Ninety-nine years ago this month the famous last charge of the 1916 rebellion took place when Michael Joseph O'Rahilly (22 April 1875 –29 April 1916), known as The O'Rahilly, led an assault on Moore Street against entrenched British gunners in order to allow Pádraig Pearse and the 1916 leadership to escape the General Post Office (GPO) building.
Arriving at the GPO in his De Dion-Bouton motorcar, The O'Rahilly gave the most quoted lines of the Rising: "Well, I've helped to wind up the clock – I might as well hear it strike!" Another famous, if less quoted line, was his comment to Countess Markievicz "It is madness, but it is glorious madness."
O'Rahilly was an Irish republican and nationalist. He was a founding member of the Irish Volunteers in 1913 and served as Director of Arms. Despite opposing the action, he took part in the Easter Rising in Dublin and was killed in a heroic charge on the British machine-gun post covering the retreat from the GPO during the fighting.
Born in Ballylongford, County Kerry, O'Rahilly was educated in Clongowes Wood College. As an adult, he became a republican and a language enthusiast.
O'Rahilly was a founding member of the Irish Volunteers in 1913, who organized to work for Irish independence and resist the proposed Home Rule. He served as the Volunteers' Director of Arms. He personally directed the first major arming of the Irish Volunteers, the landing of 900 German Mausers during the gun-running at Howth on July 26, 1914
The O'Rahilly was a wealthy man; the Weekly Irish Times reported after the Easter Rising that he "enjoyed a private income of £900" per annum, plenty of which went to "the cause he espoused."
O'Rahilly was not party to the plans for the Easter Rising nor was he a member of the Irish Republican Brotherhood (IRB), but he was one of the main people who trained the Irish Volunteers for the coming fight. He was kept out of the loop because he opposed plans for a Rising. The planners of the Rising went to great lengths to keep him in the dark.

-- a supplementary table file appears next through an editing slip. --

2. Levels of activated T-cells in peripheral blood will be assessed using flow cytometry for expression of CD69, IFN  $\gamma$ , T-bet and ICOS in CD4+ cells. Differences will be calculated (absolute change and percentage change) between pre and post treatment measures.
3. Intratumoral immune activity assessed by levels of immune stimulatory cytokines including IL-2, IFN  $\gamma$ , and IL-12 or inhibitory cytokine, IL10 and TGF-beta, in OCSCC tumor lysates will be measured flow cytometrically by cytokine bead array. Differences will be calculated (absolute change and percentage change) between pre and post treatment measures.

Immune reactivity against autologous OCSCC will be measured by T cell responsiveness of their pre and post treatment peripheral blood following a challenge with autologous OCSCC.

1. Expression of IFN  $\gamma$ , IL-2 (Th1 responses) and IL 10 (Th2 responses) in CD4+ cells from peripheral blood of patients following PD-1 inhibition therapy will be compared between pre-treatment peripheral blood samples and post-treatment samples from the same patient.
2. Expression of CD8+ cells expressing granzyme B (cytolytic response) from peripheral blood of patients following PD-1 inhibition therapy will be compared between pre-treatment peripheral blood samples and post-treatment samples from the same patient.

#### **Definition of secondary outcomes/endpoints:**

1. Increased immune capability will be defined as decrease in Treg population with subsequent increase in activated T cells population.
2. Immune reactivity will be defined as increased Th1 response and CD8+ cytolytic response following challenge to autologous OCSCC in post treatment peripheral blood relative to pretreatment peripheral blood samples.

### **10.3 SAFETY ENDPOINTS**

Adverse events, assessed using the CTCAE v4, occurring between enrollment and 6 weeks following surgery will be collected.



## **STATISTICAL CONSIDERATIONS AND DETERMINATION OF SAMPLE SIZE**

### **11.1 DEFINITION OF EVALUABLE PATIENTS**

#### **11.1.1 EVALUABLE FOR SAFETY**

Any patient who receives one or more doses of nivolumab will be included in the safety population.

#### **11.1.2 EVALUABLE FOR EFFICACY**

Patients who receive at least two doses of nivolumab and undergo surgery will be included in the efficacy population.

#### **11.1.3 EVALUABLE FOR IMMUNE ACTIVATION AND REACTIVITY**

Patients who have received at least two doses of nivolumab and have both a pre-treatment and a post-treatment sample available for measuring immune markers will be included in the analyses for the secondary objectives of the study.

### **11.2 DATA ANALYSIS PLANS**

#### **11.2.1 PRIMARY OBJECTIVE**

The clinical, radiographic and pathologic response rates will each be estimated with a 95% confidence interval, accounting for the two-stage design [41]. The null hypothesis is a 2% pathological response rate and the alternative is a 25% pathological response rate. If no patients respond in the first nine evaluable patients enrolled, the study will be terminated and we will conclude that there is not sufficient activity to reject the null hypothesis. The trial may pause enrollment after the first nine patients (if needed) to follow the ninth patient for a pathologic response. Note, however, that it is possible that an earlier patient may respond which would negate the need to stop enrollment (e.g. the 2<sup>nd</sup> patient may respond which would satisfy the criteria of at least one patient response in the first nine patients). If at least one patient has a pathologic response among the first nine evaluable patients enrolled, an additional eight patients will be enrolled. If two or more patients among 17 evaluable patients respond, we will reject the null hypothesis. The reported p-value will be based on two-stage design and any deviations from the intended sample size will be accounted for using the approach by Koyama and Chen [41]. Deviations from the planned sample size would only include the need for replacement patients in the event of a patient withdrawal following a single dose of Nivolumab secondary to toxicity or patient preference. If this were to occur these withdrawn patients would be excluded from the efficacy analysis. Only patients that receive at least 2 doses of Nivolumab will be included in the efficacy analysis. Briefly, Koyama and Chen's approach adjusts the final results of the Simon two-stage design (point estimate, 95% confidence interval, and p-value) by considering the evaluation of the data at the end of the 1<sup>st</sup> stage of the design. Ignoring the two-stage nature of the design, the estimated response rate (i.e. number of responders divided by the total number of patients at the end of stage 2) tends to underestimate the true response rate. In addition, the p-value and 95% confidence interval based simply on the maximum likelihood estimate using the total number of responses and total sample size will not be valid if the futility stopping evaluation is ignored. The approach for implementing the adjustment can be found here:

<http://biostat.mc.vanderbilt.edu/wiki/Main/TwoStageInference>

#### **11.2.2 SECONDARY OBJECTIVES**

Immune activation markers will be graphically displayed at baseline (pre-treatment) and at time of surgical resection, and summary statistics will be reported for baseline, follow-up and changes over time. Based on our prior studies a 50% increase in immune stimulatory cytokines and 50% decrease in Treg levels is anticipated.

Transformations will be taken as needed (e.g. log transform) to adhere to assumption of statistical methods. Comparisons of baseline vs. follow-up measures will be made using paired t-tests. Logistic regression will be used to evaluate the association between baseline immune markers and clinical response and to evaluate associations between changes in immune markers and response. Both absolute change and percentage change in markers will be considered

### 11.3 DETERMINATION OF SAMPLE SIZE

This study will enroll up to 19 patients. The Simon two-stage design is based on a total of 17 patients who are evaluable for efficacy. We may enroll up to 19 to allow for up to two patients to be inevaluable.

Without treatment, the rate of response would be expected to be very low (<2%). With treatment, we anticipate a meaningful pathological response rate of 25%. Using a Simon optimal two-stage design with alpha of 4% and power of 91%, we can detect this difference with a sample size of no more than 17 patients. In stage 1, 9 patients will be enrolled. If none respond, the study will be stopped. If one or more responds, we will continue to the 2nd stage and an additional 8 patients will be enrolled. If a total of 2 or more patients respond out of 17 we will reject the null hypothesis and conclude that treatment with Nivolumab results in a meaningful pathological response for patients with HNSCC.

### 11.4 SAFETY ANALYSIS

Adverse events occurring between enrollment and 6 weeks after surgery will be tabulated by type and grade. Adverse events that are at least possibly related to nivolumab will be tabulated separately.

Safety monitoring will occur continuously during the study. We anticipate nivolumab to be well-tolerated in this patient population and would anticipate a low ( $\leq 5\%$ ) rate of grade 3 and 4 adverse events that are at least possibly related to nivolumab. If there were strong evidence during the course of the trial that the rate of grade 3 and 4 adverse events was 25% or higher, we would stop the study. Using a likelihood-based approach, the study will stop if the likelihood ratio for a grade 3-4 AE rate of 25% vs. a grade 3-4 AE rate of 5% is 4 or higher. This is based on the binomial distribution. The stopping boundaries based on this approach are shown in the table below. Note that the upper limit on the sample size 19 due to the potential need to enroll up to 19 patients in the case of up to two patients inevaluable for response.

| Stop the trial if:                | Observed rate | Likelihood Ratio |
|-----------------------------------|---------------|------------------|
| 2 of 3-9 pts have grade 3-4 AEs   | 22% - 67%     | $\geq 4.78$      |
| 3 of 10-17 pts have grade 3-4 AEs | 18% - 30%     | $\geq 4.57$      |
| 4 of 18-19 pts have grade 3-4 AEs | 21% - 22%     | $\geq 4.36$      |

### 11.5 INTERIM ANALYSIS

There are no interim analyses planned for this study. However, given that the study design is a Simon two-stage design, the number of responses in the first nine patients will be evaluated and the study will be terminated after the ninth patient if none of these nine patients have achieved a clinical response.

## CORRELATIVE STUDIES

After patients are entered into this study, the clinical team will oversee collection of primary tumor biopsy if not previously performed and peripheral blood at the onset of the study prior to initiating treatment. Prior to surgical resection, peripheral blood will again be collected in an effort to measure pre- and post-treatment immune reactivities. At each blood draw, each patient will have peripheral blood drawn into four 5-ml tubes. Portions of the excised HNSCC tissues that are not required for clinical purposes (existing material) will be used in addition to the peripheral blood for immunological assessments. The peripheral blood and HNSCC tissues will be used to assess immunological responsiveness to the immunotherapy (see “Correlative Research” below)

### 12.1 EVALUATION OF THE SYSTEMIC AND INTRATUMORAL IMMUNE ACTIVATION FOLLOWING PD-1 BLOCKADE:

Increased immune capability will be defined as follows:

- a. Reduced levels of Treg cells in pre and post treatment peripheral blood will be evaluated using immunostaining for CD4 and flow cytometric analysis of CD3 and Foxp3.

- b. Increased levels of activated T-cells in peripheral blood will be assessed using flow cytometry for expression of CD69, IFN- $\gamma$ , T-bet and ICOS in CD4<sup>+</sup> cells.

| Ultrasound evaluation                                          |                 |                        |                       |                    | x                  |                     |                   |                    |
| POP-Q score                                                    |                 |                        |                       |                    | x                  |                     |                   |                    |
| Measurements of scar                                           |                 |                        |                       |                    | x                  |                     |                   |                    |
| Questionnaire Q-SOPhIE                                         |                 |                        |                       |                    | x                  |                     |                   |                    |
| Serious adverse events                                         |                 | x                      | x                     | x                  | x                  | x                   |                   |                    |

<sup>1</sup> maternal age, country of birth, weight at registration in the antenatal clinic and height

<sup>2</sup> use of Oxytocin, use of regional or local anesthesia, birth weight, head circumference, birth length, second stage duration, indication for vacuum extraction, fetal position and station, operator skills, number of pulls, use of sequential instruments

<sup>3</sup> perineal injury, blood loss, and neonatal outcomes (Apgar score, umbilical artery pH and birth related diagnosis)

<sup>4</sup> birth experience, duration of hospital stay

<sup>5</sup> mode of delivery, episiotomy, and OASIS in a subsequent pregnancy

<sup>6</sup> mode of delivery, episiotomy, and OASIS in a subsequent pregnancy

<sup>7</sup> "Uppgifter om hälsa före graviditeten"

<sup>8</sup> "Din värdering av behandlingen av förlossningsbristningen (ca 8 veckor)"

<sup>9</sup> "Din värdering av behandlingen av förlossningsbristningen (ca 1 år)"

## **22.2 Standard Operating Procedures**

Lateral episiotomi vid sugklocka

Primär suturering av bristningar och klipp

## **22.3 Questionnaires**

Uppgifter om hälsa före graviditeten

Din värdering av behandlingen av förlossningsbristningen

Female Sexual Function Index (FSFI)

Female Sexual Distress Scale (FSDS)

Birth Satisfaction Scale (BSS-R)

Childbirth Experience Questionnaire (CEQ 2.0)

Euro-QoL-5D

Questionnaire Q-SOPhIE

O'Rahilly took instructions from fellow leader Eoin MacNeill, who also opposed the Rising and spent the weekend before the Rising driving throughout the country, informing Volunteer leaders in Cork, Kerry,Tipperary, and Limerick that they were not to mobilise their forces for planned maneuvers on Easter Sunday.
When he arrived home he learned that the Rising was about to begin in Dublin the following day, Easter Monday, April 24, 1916. Despite his efforts to prevent such action (which he felt could only lead to defeat), he set out to Liberty Hall to join Padraig Pearse, James Connolly, Thomas MacDonagh,Tom Clarke, Joseph Plunkett, Countess Markievicz, Sean Mac Diarmada, Eamonn Ceannt, and their Irish Volunteers and Irish Citizen Army troops.
He fought with the GPO garrison during Easter Week. On Friday, April 28, with the GPO on fire, O'Rahilly volunteered to lead a party of men along a route to Williams and Woods, a factory on Great Britain Street (now Parnell Street). A British machine-gun at the intersection of Great Britain and Moore Streets cut him and several of the others down. O'Rahilly slumped into a doorway on Moore Street, wounded and bleeding badly but, hearing the English marking his position, made a dash across the road to find shelter in Sackville Lane (now O'Rahilly Parade). He was wounded diagonally from shoulder to hip by sustained fire from the machine-gunner.
O'Rahilly wrote a message to his wife on the back of a letter from his son which he had received in the GPO. Shane Cullen etched this last message to Nannie O'Rahilly into his limestone and bronze memorial sculpture to The O'Rahilly. The text reads:
"Written after I was shot. Darling Nancy I was shot leading a rush up Moore Street and took refuge in a doorway. While I was there I heard the men pointing out where I was and made a bolt for the laneway I am in now. I got more [than] one bullet I think. Tons and tons of love dearie to you and the boys and to Nell and Anna. It was a good fight anyhow. Please deliver this to Nannie O' Rahilly, 40 Herbert Park, Dublin. Goodbye Darling."
A reenactment of O’Rahilly’s last charge took place during 2015 Easter Week: